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Pronouns

Pronouns are words that take the place of nouns. We often use them to avoid repeating the nouns that they refer to. Pronouns have different forms for the different ways we use them. 

Read clear grammar explanations and example sentences to help you understand how pronouns are used. Then, put your grammar knowledge into practice by doing the exercises.  

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Comments

Hello Ellenna,

Grammatically speaking there is nothing wrong with 'going to go'. Because it repeats 'go' some people consider it to be a stylistically inelegant or clumsy and prefer to use 'going to'. However, there is nothing linguistically wrong with 'going to go'. It is purely a question of style and personal preference.

 

Peter

The LearnEnglish Team

Thank you!

Sir, Could you please suggest me something that teaches how to pronounce the second N third form of verb because there are some verbs which are a little hard to pronounce ?

We, in India, make a vegetable with potatoes, peas and carrots. I want to know if you also make it in your contruy if yes, then in which sequence do you call this vegetable's name, I mean what is the collocation for it ?

Hello SonuKumar,

You can find pronunication examples in most online dictionaries, such as this one.

I'm not sure what you mean by your second question. Do you mean a meal made with potatoes, peas and carrots? If so, that is how we would say it. Each of those is an example of a vegetable.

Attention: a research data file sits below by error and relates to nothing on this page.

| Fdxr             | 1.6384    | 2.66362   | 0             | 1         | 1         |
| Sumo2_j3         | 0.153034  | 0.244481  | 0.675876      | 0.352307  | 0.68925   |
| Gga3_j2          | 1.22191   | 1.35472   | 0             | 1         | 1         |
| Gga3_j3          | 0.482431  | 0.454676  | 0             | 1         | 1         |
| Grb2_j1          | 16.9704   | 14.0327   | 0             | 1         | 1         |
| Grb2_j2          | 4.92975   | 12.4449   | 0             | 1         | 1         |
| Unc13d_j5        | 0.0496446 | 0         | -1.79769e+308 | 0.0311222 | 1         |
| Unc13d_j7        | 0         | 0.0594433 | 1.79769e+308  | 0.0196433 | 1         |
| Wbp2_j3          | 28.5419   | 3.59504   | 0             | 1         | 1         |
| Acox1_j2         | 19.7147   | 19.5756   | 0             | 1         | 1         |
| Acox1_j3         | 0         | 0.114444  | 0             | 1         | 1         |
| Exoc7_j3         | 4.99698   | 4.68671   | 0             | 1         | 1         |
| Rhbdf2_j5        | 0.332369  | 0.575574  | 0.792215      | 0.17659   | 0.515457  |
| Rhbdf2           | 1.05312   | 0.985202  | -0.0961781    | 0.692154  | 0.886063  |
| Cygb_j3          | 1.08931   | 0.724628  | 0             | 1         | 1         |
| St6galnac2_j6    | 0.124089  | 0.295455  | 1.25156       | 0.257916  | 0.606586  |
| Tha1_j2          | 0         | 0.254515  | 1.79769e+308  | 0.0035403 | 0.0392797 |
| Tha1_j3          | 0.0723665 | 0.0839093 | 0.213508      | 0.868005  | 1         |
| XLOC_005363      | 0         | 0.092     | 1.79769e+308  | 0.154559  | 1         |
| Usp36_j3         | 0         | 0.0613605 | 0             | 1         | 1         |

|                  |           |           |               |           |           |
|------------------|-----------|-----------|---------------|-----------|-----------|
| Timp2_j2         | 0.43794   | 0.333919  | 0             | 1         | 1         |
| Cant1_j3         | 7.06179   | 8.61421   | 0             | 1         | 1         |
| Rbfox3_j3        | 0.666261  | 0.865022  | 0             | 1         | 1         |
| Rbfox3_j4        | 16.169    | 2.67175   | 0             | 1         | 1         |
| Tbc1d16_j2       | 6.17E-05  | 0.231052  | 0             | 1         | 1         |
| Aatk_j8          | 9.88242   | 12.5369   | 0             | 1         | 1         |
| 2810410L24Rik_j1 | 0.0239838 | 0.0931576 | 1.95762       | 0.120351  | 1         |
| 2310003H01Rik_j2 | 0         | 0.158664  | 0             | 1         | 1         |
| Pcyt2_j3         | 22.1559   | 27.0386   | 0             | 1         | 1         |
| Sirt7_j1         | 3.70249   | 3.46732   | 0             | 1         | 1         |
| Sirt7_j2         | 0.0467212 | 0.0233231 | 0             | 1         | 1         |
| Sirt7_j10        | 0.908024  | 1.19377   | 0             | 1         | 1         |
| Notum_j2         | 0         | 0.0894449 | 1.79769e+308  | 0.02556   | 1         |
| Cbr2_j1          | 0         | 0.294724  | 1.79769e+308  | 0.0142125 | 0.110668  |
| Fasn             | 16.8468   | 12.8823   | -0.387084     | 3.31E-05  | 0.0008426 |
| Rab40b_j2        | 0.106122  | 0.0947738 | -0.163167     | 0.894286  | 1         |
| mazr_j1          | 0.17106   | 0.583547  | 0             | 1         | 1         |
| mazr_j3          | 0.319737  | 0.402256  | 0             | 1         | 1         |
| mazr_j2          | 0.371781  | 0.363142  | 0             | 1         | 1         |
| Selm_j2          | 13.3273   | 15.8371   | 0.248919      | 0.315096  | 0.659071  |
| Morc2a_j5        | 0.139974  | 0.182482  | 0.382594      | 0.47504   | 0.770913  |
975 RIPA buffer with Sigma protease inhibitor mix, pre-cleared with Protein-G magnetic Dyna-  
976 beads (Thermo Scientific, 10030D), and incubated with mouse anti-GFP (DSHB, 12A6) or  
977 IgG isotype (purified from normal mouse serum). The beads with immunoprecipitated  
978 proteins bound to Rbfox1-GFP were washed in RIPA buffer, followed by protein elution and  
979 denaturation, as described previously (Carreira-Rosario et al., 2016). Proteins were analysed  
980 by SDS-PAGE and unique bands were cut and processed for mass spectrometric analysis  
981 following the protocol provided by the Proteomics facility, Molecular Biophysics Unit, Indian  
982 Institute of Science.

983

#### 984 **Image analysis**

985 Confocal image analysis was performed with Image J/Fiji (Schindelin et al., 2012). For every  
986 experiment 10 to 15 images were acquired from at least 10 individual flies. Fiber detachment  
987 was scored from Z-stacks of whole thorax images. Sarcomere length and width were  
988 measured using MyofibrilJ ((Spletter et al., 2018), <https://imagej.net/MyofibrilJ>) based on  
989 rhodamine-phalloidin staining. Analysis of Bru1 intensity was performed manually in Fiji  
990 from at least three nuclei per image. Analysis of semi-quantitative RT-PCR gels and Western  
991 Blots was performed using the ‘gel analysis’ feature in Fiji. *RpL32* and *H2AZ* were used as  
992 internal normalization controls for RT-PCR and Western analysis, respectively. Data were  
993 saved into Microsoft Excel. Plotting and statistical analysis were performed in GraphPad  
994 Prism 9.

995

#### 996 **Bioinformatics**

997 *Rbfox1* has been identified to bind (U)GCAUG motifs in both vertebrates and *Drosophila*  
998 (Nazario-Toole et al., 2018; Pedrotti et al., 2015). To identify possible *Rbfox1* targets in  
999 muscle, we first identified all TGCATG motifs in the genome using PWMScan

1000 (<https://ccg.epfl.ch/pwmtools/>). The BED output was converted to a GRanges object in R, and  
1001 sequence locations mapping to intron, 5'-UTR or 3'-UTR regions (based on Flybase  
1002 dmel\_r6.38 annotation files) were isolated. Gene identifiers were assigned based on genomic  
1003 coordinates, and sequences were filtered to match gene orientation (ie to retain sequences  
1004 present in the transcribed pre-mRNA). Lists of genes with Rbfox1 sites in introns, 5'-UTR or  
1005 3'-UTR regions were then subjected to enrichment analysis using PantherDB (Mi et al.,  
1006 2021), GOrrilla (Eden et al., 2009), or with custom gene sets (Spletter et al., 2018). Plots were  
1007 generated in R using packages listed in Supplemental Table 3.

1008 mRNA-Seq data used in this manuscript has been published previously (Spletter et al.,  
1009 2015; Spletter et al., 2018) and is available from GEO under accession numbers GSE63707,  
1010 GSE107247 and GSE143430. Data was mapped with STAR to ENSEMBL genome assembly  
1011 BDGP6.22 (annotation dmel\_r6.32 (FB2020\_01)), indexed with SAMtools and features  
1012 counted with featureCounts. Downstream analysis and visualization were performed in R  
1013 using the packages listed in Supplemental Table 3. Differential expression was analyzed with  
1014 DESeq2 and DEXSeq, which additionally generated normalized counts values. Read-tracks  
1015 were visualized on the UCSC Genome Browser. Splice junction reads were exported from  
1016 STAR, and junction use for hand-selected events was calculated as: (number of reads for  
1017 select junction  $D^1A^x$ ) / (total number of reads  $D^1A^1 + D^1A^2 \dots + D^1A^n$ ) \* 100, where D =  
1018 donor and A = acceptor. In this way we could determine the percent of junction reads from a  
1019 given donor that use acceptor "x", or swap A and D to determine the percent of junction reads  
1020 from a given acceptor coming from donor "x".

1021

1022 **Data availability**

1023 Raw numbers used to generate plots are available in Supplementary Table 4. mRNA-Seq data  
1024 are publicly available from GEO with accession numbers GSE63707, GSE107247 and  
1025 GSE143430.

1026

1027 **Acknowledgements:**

Peter

The LearnEnglish Team

Sir,
I want to learn English Tenses with British Council, unfortunately I couldn't find any section
in the page of this site. Please let me know if there any page or section available for the Tenses of English Grammar.

Hi Imran,

Tenses are a property of verbs, so you can find out more about them in the Verbs section. Although there is no section for the future, you can find out about the different forms we use to talk about the future on the talking about the future page.

All the best,
Kirk
The LearnEnglish Team

"Budapest, ... is located near the Danube, is a very beautiful city."

Is it which or where? Please also give an explanation to why.

Hello JenA,

'which' is the correct answer here. 'where' can be used in situations where you could say 'at which', but that doesn't work here because the relative pronoun is acting as the subject of the clause.

You can learn more about relative clauses on this and this page.

All the best,
Kirk
The LearnEnglish Team

Do we call it a lost treasure or a missing treasure?
What I understand is, lost treasure is a treasure in a lost ship ( it's called lost cause no one knows its place ) but a missing one means that someone found a lost ship and didn't find the treasure in it so it's missing ( cause it's not in the place where it's expected to be )

Am I right or not? I'm not really sure

Hello uchiha itache,

What you explain makes sense to me, but for the general public I don't think there is a big difference between 'lost' or 'missing' treasure, as most of us don't really encounter treasures. This Wikipedia entry uses both adjectives separated by 'or', which suggests there may be some difference, but it's not clear to me exactly what that might be.

In any case, unless you're speaking to a group of specialist treasure-hunters, either would probably be fine. I'd probably go with 'lost'.

All the best,
Kirk
The LearnEnglish Team

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